The sapwood isn't used because it's brittle and almost useless

    I would hazard to speculate that while you can certainly bend wood with the grain orientated either way, especially using heat or steam. For continued and potential extreme flexibility(like a bow) perhaps flat sawn is best . Rift sawn may need steaming and impart more rigidity to the final bend.
    I imagine both would probably work well in a boat building application. For bending certainly far better one or the other rather than no consideration of grain which would cause splits and breakage from runout.



    ​So, from some one who has a far better grasp of the problems of bending timber and it's vagrancies without resorting to the Web, agrees that studying the run of grain is advisable navydog.




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    Default Re: Carry on Chippie

    Quote Originally Posted by Chippie View Post
    Sorry but I cannot understand what you are saying Nick.
    Steamed timbers in open boats are usually wider than they are thick.e.g 1" wide, 3/4" thick. So if you rip your timbers out of an inch board, unless it was sawn from the middle of the log at the pith, as you rip strips off the grain will change from quarter sawn through to rift sawn. If you insist on using nothing but quarter sawn, you will discard most of the board.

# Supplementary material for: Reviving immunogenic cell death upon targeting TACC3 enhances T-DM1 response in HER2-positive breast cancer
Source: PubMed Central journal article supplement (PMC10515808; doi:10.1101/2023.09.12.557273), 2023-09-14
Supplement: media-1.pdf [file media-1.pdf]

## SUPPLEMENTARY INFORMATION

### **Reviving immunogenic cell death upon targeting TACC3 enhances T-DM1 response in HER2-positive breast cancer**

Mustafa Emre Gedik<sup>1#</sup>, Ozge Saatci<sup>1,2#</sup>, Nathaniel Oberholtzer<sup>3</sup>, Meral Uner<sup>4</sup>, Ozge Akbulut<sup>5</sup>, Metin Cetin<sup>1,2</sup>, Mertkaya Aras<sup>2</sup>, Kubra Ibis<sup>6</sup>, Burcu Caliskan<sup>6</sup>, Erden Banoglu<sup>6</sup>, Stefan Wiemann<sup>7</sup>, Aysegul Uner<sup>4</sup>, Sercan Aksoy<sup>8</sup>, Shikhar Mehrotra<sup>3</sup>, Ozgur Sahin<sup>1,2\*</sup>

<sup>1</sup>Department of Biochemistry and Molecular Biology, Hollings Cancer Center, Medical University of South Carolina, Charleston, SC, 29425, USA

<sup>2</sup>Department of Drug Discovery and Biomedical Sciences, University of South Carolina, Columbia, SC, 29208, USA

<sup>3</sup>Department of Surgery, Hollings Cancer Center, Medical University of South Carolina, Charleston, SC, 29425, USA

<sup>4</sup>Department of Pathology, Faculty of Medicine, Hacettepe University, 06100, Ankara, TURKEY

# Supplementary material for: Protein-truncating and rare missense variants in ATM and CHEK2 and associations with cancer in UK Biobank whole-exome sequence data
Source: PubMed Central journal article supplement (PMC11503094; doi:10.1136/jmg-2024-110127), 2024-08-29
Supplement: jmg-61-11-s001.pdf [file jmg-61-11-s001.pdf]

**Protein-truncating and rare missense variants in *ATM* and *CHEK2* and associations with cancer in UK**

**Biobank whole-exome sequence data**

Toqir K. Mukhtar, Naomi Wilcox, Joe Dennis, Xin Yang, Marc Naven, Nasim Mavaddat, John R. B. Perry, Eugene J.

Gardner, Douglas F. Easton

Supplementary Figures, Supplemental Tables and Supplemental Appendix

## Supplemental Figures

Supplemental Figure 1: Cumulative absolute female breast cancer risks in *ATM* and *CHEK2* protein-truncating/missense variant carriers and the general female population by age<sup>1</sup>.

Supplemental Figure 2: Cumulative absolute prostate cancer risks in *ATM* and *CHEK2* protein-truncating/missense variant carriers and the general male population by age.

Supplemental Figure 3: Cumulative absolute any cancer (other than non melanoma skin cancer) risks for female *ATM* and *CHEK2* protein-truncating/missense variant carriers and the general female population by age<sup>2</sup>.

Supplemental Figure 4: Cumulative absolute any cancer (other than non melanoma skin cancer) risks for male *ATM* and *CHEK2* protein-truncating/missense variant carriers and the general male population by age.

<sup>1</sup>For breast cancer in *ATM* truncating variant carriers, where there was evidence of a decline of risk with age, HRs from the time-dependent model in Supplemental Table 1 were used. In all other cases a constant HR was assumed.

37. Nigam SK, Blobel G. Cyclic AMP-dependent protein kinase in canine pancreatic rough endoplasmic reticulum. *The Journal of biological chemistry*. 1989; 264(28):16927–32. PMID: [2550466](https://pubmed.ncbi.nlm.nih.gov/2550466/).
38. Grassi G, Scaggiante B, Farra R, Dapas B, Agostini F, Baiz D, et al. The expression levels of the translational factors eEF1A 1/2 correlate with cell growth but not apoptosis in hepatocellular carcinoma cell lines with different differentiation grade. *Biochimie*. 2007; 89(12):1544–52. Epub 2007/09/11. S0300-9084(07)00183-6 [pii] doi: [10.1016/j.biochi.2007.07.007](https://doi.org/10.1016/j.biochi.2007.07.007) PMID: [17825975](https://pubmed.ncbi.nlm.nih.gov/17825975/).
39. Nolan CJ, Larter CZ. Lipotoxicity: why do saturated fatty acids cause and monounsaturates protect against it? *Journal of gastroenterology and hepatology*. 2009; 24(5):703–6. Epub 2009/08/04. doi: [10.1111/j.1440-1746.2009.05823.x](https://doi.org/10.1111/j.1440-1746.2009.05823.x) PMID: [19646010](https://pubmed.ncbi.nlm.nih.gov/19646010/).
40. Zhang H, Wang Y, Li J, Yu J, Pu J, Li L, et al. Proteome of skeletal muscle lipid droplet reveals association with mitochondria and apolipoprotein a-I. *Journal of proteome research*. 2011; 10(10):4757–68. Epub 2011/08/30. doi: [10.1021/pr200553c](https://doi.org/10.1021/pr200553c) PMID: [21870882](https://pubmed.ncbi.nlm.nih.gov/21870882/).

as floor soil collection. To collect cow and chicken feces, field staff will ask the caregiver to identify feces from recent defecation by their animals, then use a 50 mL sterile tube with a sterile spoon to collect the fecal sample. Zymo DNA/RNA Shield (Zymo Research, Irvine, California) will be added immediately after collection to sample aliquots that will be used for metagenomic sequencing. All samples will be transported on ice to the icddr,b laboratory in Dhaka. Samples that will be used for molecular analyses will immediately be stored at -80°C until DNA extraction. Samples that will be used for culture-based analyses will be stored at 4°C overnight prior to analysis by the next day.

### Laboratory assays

I don't think they do.
    You are unable to bed wood in two directions in most cases it is difficult to bend in one?
    Could you enlarge on that Nick.
    The entire rub rail debate started around about here on Jim's Brewer catboat thread:
    Quote Originally Posted by Chippie View Post
    What would the configuration be on an ideal piece of 4x2 to bend around this particular job?
    Now Jim and I contend that there is no problem, no difficulty with what Jim is doing. The debate on this topic of rubrails is a nothingburger.
    It really is quite difficult to build an ugly wooden boat.

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    Default Re: Carry on Chippie

    (In my last post I missed out
    grain.
    I consider this an important element in bending and was seeking your thoughts on this or any of the Posters.
    Personally I would have selected the face grain to run along the widest width.

    navydog.

    Chippie,Most lumber isn't cut with either vertical grain of flat sawn. In actuality grain orientation isn't a significant factor in bending most species.